Does Anybody Believe an Actor?

Barrymore, Lionel


  • Lionel Barrymore talks about the acting profession and the importance of planning to create a succesful career and role and how any success in one's life is based on the same principle of goal setting and planning. This episode is a rebroadcast of an earlier airing.
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And now, This I Believe. We bring you an earlier broadcast which is being repeated because of the special interest it aroused. Here is Edward R. Murrow as he first introduced the guest.
This I Believe. Lionel Barrymore raises flowers, breeds hogs, paints, writes music and acts. One of our most illustrious figures of stage and screen, he talks now, in a real life role, of his own beliefs.
First off, I think the world has come a mighty long way toward believing that what a man does to make a living can’t rob him of his integrity as a human being, when it will listen to an actor talk about what he believes. I can remember when nobody believed an actor and didn’t care what he believed. Why, the very fact that he was an actor made almost everything he said open to question, because acting was thought to be a vocation embraced exclusively by scatterbrains, show-offs, wastrels, and scamps. I don’t believe that’s true today and I don’t think it ever was true. I don’t think there were ever any more ne’er-do-wells, rogues, poseurs, and villains in the acting profession than in any other line of work. At least I hope that’s the case.
If it isn’t, it’s too late to change my mind and much too late to change my profession.
The fact is, I think, every successful man today has prepared for his success by planning and living his life in much the same way that an actor plans and creates a part.
We don’t make anything up out of whole cloth when we decide the way we want to play a role, anymore than the author, who wrote it, made it up out of thin air. The author has one or two or perhaps a great many more models in mind from which he takes a little here and a little there until he’s built up a new character out of substantial material.
Now the actor who must play this part has to dig back into his life and recall one or two or more people who are, in some way, similar to the person the author put on paper. Now what I’m saying is, everybody connected with the actor’s work had a model and copied this model, more or less exactly, adding to it here and there, until something new emerged.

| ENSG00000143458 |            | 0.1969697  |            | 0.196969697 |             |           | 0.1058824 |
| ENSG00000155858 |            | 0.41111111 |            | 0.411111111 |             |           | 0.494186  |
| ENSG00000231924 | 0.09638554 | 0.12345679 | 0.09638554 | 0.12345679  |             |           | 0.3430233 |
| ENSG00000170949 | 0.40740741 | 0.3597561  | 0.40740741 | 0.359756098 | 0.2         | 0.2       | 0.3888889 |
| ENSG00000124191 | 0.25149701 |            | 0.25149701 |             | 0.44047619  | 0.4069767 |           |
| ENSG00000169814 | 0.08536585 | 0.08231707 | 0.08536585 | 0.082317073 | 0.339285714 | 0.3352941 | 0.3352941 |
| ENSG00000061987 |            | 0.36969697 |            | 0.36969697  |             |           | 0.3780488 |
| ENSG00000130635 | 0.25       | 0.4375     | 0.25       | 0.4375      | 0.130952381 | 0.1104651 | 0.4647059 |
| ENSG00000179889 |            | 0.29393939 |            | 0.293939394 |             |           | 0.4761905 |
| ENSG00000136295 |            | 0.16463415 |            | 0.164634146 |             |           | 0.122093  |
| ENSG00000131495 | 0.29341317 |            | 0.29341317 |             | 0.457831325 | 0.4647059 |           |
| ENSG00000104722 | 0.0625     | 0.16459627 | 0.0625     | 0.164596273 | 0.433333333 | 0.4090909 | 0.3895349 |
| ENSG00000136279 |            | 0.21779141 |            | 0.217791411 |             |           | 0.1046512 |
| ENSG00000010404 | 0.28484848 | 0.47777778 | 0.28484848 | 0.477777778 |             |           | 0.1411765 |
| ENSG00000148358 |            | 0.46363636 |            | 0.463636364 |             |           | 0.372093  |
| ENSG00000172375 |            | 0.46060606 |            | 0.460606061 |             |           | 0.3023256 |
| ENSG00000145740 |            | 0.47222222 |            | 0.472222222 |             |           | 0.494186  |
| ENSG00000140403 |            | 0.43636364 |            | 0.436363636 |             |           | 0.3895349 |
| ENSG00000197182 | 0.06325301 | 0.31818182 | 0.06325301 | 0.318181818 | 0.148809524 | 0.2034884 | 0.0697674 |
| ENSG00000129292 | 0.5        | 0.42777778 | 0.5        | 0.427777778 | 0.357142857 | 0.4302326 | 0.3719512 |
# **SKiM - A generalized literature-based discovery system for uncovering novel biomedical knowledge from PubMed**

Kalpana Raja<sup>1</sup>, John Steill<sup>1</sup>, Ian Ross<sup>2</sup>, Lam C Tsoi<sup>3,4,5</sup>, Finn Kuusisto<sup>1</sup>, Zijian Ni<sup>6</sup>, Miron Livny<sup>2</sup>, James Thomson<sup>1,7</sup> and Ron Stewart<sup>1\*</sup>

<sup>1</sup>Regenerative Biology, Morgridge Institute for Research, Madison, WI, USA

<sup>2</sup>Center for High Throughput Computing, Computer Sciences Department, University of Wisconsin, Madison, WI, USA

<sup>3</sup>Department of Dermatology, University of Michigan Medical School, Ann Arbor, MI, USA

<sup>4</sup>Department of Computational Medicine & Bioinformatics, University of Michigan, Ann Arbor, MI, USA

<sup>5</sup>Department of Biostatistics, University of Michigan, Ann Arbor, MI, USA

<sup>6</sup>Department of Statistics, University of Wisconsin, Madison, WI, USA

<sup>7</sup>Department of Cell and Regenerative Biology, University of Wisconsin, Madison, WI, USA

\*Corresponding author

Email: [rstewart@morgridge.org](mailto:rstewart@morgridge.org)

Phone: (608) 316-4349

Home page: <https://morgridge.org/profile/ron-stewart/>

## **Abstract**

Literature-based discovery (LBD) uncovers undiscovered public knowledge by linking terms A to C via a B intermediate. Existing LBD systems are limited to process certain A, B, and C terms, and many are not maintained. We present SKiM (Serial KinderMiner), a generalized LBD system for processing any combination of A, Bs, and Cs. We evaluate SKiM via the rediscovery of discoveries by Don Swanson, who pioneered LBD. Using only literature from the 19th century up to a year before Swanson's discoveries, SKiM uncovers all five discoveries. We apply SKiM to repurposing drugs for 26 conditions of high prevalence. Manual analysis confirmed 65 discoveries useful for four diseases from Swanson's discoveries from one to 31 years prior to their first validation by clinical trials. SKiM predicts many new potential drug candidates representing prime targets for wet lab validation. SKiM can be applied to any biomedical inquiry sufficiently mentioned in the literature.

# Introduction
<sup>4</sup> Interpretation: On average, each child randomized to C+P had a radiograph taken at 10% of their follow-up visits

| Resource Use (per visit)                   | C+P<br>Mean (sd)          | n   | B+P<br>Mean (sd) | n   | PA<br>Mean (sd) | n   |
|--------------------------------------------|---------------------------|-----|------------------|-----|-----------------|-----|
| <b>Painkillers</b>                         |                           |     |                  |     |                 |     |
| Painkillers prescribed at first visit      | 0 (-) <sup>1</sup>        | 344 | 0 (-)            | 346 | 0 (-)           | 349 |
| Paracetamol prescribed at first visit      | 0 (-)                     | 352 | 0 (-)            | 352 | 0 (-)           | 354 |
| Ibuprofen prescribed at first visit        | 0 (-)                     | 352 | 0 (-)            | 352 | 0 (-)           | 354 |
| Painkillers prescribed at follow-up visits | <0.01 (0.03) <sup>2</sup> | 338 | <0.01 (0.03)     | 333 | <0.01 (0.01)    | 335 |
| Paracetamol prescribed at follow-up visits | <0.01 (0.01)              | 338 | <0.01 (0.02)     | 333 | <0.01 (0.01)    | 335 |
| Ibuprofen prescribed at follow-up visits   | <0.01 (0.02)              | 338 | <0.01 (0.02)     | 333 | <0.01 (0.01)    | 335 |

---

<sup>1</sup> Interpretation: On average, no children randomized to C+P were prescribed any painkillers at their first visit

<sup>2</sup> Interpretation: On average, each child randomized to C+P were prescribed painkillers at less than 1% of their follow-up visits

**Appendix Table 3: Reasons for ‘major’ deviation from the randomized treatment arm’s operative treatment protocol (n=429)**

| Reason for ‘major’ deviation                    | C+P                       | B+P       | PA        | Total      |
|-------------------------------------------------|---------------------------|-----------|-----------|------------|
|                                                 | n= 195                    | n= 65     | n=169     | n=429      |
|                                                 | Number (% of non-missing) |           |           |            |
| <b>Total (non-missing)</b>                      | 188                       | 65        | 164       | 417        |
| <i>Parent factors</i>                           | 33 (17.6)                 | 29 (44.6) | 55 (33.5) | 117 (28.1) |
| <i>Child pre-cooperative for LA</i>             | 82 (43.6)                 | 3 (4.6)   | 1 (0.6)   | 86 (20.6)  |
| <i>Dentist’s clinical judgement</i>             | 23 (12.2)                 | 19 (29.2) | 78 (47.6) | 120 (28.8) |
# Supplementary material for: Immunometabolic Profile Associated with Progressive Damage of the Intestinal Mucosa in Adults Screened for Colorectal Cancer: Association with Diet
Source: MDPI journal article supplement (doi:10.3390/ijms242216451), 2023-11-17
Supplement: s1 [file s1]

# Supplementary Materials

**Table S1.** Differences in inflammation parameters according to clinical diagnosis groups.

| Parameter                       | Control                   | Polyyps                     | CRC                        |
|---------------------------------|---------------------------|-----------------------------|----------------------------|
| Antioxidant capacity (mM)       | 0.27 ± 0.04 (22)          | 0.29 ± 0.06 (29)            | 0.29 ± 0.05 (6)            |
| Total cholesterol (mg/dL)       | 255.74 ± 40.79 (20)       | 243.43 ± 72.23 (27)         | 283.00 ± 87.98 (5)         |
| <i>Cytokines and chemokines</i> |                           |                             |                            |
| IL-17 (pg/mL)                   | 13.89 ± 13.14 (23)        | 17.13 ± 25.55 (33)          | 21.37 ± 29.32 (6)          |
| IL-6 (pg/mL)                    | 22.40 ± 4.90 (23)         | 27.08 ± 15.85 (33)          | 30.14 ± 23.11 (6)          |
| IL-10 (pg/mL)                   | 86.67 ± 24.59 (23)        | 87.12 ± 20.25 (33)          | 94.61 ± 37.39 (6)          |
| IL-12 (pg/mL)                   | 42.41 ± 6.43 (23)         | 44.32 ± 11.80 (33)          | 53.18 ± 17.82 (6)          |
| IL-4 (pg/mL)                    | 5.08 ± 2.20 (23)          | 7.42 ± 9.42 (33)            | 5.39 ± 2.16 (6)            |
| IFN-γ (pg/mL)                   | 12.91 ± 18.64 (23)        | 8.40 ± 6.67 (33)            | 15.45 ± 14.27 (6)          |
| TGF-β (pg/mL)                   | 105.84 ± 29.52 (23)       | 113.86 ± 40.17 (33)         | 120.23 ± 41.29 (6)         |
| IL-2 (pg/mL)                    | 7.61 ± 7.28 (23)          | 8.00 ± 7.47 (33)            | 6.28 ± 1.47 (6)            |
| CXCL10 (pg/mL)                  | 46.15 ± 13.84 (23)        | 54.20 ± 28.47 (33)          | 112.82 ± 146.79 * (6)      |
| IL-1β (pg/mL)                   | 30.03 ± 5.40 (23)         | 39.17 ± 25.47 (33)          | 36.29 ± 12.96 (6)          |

I think this is the way a person must plan his life. Adopting, borrowing, and adapting a little here and a little there from his predecessors and his contemporaries, then adding a few touches until he’s created himself.
I believe the difference between an eminently successful person and one whose life is just mediocre is the difference between a person who had an aim, a focus, a model upon which he superimposed his own life and one who didn’t. To put it bluntly, you can’t get anywhere unless you know where to start from and where to go.
The thing to be careful of in choosing a model is: don’t aim too high for your capacity. It’s necessary, it’s true, to believe in the Almighty, but don’t make Him your model. Have faith in Him but try for something you’re more apt to make. Shoot a little closer to home.
If you keep aiming at an attainable target, you can always raise your sights on another and more difficult one. But if you start off for the impossible, you’re foredoomed to eternal failure.
I believe if a man remembers that, and sets an attainable goal for himself, and works to attain it, conscious that when he does so he will then set another goal for himself, he will have a full, busy and, for this reason, a happy life.
That was a repeat of an earlier broadcast by Lionel Barrymore, a Philadelphian who moved to Hollywood and became one of its most distinguished citizens.